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Obama signs California’s massive water bill, but Trump will determine its future

President Barack Obama during a speech at MacDill Air Force Base Tuesday, Dec. 6, 2016, in Tampa, Fla.
President Barack Obama during a speech at MacDill Air Force Base Tuesday, Dec. 6, 2016, in Tampa, Fla. AP

President Barack Obama on Friday quietly signed and bequeathed to President-elect Donald Trump a massive infrastructure bill designed to control floods, fund dams and deliver more water to farmers in California's Central Valley.

While attempting to mollify critics’ concerns over potential harm to the Sacramento-San Joaquin Delta, Obama signed the $12 billion bill in a distinctly low-key act. The still-controversial California provisions were wrapped inside a package stuffed with politically popular projects, ranging from Sacramento-area levees to clean-water aid for beleaguered Flint, Michigan.

“It authorizes vital water projects across the country to restore watersheds, improve waterways and flood control, and improve drinking water infrastructure,” Obama stated, adding that “help for Flint is a priority for this administration.”

Dubbed the Water Infrastructure Improvements for the Nation Act, the bill passed both House and Senate by veto-proof margins following years of maneuvering and debate. Obama’s signature was never really in doubt, though administration officials had previously resisted some of the specific California provisions.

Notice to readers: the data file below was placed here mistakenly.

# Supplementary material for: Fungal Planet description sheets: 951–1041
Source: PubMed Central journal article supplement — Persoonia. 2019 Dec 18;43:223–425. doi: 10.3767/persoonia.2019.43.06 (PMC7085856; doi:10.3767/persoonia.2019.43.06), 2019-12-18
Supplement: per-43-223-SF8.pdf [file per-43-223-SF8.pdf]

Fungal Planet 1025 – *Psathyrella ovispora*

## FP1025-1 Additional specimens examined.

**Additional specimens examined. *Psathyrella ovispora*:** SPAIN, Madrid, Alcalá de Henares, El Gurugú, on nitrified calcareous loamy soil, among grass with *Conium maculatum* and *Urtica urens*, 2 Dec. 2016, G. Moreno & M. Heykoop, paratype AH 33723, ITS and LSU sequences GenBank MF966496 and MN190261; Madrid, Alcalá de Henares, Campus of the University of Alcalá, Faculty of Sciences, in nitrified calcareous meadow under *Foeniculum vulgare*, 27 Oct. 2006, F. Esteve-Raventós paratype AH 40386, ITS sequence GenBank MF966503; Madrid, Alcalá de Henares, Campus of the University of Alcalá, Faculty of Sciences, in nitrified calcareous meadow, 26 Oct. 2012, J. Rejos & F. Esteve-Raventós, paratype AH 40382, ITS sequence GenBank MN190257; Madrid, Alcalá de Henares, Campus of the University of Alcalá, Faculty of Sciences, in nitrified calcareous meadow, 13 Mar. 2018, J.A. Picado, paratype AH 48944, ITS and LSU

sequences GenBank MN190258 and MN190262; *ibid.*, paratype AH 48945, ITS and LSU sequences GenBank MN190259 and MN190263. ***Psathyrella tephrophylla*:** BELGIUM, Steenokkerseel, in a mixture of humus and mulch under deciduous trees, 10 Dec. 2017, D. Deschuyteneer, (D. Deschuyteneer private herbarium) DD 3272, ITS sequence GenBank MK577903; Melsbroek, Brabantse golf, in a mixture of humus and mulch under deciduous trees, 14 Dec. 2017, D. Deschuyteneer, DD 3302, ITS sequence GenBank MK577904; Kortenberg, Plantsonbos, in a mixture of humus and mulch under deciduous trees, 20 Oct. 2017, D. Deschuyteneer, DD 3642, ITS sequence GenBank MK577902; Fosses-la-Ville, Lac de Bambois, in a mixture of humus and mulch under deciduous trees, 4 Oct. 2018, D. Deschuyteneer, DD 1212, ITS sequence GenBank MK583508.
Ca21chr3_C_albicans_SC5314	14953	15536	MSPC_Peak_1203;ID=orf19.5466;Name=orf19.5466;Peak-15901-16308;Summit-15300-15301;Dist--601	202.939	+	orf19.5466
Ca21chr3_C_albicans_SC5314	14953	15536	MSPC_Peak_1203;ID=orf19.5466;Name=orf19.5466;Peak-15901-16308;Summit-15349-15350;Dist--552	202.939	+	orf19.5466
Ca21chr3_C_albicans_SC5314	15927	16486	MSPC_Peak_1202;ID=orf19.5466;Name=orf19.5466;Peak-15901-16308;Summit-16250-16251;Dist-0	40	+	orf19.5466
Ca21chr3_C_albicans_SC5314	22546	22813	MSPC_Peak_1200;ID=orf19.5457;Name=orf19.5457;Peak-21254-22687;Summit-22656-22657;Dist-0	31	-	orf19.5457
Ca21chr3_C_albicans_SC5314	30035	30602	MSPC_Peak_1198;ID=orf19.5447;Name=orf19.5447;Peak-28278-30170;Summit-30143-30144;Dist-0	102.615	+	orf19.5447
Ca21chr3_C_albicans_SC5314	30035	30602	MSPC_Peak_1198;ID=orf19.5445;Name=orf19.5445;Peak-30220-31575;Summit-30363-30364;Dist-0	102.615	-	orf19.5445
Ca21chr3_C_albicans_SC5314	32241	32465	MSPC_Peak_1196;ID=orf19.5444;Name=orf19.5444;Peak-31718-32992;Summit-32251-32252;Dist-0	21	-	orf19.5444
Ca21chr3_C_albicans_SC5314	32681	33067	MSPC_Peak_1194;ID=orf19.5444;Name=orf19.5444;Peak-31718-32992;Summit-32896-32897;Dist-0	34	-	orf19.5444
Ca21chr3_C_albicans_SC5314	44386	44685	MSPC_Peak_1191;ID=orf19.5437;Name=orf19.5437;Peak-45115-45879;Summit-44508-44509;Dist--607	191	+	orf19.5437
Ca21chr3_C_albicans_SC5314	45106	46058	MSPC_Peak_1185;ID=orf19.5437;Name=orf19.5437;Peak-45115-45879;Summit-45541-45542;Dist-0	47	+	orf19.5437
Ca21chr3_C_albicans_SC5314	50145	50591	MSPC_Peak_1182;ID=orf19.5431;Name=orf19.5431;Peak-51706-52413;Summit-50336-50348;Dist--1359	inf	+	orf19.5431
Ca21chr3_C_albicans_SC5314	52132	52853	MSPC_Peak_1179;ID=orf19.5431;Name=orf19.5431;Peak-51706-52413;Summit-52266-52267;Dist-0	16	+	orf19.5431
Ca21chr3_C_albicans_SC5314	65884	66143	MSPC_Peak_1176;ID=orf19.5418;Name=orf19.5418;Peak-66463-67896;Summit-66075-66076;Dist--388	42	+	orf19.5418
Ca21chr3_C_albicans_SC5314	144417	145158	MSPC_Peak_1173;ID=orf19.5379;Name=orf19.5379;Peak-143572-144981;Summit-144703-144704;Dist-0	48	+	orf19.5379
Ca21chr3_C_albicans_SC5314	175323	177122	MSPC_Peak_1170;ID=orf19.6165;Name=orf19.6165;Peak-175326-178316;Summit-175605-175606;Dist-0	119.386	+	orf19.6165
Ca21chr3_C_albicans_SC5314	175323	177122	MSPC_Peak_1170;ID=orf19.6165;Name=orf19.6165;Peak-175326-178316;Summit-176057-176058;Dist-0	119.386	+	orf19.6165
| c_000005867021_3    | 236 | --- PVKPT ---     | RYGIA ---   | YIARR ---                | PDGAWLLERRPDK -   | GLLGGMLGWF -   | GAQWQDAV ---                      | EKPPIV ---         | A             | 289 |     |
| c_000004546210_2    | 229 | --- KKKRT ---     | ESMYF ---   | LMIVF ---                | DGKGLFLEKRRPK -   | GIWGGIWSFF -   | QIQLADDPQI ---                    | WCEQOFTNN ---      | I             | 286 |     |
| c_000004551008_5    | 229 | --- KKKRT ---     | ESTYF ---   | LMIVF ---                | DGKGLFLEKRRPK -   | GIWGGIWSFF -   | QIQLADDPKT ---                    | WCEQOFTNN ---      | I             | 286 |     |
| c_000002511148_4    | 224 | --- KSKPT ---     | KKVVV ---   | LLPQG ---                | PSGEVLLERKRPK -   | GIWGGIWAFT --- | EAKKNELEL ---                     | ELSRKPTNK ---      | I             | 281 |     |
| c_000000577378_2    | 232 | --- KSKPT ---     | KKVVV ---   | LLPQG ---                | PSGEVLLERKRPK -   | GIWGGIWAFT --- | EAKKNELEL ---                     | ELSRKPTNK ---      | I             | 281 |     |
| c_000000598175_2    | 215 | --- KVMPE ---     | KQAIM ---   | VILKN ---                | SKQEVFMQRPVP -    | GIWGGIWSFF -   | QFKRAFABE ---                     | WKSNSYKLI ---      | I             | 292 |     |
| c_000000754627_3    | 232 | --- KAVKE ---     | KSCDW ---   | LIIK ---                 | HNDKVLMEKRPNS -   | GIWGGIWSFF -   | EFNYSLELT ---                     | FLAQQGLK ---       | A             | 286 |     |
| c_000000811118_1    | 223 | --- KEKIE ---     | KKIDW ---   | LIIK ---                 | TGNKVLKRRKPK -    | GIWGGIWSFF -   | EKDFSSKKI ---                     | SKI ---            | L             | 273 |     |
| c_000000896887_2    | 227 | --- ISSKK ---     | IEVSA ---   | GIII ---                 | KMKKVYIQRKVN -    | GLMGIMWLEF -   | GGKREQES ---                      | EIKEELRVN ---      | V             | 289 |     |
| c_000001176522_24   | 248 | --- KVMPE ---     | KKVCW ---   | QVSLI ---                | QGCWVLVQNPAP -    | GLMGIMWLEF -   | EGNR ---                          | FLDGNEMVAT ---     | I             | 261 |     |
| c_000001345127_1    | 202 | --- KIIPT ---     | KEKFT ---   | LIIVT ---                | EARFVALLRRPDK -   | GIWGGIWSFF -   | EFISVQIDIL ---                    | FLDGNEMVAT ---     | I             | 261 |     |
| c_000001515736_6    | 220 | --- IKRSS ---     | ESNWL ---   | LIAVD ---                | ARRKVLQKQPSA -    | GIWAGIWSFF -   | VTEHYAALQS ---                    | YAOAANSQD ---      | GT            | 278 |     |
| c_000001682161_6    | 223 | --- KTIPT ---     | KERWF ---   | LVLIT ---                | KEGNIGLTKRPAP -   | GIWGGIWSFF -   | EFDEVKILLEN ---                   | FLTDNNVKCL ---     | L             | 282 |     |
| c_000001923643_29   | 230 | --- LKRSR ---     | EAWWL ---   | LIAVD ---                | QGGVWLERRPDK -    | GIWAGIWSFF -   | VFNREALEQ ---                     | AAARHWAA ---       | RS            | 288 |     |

These provisions, which include more pumping of water through the Delta for farmers, will now be implemented by an incoming Trump administration that appears agribusiness-friendly. Trump’s Interior Department transition team has included a lawyer who until Nov. 18 was a registered lobbyist for the Westlands Water District, a supporter of the much-lobbied bill.

Westlands reported spending more than $3 million on federal lobbying since 2011, the year Rep. Devin Nunes, R-Tulare, introduced the first version of a California water bill inspired by the state’s drought. Myriad other California water districts and associations likewise weighed in on the bill over the past five years, helping shape its often-technical language.

“Facing (another) year of drought, the communities and farms of the San Joaquin Valley are truly desperate for water,” said Jason Phillips, chief executive officer of the Friant Water Authority.

The big infrastructure bill signed by Obama authorizes funding for flood control projects, including some $780 million for West Sacramento work and $880 million for work along the American and Sacramento rivers. It also authorizes the study of Merced County streams as well as $415 million for assorted Lake Tahoe restoration efforts.

A separate study is authorized for the Cache Creek Settling Basin in Yolo County, while the Army Corps of Engineers is directed to give “priority” to feasibility studies for flood risk management along the Lower San Joaquin River and for the Sacramento River